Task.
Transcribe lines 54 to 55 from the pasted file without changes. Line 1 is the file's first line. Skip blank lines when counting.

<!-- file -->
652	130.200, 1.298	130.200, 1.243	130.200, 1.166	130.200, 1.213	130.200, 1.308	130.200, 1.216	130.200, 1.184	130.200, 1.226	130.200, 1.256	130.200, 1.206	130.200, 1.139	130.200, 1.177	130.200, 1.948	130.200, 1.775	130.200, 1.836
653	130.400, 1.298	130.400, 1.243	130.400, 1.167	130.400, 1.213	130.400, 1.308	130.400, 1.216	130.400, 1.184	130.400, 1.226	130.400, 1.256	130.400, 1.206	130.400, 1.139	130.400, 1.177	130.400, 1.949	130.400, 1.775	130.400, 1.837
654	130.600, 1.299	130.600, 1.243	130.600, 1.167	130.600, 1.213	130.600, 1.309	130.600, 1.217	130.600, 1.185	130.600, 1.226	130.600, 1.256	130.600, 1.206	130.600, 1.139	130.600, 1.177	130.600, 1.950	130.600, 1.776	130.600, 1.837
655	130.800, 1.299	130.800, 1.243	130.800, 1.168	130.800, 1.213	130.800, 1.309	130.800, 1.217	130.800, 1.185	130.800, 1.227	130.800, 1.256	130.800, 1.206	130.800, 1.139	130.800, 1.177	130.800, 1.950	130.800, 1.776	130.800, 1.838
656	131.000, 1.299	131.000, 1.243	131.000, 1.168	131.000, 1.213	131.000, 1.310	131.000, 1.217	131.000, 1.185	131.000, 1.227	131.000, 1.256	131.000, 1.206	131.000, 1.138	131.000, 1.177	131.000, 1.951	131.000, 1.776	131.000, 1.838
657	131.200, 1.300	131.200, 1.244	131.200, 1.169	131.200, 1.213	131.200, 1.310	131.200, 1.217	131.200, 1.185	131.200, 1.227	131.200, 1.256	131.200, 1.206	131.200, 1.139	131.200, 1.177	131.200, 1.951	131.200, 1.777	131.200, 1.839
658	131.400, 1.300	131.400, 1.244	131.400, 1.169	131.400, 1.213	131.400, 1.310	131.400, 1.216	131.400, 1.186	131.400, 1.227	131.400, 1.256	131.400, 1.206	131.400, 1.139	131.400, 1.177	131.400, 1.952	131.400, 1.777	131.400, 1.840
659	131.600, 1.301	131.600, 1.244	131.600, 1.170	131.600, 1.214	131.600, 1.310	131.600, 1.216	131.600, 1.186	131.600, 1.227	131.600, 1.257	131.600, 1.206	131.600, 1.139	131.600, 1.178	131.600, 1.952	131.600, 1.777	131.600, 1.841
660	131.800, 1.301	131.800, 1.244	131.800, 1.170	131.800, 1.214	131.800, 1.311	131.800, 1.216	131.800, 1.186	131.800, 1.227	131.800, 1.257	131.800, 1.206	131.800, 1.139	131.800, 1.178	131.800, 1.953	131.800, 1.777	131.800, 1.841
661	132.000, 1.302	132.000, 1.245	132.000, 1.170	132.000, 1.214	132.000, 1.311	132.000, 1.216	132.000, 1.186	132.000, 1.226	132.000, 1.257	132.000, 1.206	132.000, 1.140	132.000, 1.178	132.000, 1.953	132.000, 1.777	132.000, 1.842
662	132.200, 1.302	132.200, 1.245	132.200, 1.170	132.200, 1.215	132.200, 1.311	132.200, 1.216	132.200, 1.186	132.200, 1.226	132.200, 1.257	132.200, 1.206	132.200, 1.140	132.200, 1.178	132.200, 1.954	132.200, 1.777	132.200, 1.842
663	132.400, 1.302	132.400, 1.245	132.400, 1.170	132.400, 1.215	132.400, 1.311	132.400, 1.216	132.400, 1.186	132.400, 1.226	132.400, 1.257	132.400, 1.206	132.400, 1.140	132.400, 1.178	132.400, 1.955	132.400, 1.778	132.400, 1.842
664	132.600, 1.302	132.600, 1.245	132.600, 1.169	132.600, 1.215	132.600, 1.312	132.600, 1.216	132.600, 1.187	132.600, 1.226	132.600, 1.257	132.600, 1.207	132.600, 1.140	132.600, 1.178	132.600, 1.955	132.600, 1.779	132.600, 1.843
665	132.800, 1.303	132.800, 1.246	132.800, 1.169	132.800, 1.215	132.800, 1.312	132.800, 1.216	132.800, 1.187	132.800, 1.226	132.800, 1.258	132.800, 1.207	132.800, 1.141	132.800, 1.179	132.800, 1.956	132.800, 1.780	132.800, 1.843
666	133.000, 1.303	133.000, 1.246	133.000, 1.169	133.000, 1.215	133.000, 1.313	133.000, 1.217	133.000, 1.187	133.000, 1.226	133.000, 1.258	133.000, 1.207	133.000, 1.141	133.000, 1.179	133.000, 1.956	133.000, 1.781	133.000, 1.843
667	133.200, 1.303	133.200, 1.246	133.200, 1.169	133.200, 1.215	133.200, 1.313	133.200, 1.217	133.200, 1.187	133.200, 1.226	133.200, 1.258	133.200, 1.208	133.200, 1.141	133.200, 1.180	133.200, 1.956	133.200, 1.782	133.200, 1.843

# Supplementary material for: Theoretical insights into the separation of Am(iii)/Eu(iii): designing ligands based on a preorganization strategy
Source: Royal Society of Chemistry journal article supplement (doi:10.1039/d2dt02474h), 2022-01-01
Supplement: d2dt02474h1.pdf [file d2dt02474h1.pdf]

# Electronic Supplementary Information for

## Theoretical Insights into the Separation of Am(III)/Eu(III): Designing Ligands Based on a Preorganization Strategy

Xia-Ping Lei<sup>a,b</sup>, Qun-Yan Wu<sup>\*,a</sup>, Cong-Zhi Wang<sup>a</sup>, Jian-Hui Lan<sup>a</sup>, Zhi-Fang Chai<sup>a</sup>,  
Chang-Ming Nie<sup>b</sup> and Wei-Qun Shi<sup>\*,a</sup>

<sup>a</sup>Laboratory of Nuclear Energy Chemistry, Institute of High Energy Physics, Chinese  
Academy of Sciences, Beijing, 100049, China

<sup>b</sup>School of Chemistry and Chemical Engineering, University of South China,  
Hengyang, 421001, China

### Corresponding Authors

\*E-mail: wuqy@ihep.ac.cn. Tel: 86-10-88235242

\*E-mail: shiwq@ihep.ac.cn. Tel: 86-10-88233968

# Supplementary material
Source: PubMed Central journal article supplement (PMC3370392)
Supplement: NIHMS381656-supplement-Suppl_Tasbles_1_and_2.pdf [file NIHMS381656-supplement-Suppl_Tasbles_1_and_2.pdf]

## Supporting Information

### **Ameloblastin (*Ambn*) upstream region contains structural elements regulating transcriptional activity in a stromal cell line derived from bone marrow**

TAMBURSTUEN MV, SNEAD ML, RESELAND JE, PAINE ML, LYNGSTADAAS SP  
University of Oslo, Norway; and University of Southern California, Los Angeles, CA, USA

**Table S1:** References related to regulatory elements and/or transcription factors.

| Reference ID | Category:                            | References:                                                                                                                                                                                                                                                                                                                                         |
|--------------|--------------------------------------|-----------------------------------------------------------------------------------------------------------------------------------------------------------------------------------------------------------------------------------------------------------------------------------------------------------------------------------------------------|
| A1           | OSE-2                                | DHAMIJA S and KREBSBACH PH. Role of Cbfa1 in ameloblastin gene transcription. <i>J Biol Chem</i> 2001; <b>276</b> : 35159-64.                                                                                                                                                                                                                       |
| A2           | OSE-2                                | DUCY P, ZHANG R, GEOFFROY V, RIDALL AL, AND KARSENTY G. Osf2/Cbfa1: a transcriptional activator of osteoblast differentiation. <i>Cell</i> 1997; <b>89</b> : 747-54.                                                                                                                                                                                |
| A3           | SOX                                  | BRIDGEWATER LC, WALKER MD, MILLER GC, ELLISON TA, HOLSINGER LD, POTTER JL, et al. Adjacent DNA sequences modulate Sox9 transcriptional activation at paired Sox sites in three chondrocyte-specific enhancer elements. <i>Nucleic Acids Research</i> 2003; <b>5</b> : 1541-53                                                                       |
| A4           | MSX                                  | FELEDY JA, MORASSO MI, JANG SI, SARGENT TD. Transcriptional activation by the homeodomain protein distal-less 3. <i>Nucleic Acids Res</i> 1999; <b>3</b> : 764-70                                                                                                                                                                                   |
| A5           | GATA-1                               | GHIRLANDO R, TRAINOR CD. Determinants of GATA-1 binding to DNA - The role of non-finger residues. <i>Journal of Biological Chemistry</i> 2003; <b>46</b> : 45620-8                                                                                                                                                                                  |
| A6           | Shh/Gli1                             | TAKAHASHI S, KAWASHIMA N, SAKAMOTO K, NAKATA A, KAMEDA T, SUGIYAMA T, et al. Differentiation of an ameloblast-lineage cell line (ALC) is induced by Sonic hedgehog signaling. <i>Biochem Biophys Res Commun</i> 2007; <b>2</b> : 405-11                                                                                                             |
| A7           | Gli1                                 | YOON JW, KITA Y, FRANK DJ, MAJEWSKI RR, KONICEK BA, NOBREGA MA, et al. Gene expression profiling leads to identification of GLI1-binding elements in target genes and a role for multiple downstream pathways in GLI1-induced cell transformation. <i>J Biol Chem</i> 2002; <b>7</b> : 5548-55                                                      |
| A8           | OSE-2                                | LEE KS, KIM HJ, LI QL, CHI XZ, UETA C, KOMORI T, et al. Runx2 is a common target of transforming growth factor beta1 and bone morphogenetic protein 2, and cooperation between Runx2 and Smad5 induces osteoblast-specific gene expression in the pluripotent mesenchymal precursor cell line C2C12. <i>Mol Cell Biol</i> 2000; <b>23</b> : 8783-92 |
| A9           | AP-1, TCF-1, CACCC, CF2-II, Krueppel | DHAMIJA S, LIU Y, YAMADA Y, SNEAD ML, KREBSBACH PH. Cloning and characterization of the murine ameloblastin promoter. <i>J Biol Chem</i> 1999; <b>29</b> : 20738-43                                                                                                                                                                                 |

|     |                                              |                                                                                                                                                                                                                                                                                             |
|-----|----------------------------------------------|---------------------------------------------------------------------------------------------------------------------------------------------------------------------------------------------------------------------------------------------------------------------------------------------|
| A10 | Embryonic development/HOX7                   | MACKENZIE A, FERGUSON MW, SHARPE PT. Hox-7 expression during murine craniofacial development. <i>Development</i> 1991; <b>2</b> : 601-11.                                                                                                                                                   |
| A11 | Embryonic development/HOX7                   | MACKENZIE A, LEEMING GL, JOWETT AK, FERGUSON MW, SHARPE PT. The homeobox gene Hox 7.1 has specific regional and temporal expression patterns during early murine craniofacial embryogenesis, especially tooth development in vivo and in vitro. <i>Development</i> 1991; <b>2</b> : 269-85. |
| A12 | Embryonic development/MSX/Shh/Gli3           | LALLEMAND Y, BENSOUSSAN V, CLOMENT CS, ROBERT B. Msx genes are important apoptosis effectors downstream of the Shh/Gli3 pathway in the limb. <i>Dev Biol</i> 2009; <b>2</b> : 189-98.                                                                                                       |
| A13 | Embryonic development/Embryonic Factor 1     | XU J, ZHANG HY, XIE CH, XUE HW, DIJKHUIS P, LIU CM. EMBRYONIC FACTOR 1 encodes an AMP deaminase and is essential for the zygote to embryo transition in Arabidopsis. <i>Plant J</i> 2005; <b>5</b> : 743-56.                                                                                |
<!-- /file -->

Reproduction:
| A12 | Embryonic development/MSX/Shh/Gli3           | LALLEMAND Y, BENSOUSSAN V, CLOMENT CS, ROBERT B. Msx genes are important apoptosis effectors downstream of the Shh/Gli3 pathway in the limb. <i>Dev Biol</i> 2009; <b>2</b> : 189-98.                                                                                                       |
| A13 | Embryonic development/Embryonic Factor 1     | XU J, ZHANG HY, XIE CH, XUE HW, DIJKHUIS P, LIU CM. EMBRYONIC FACTOR 1 encodes an AMP deaminase and is essential for the zygote to embryo transition in Arabidopsis. <i>Plant J</i> 2005; <b>5</b> : 743-56.                                                                                |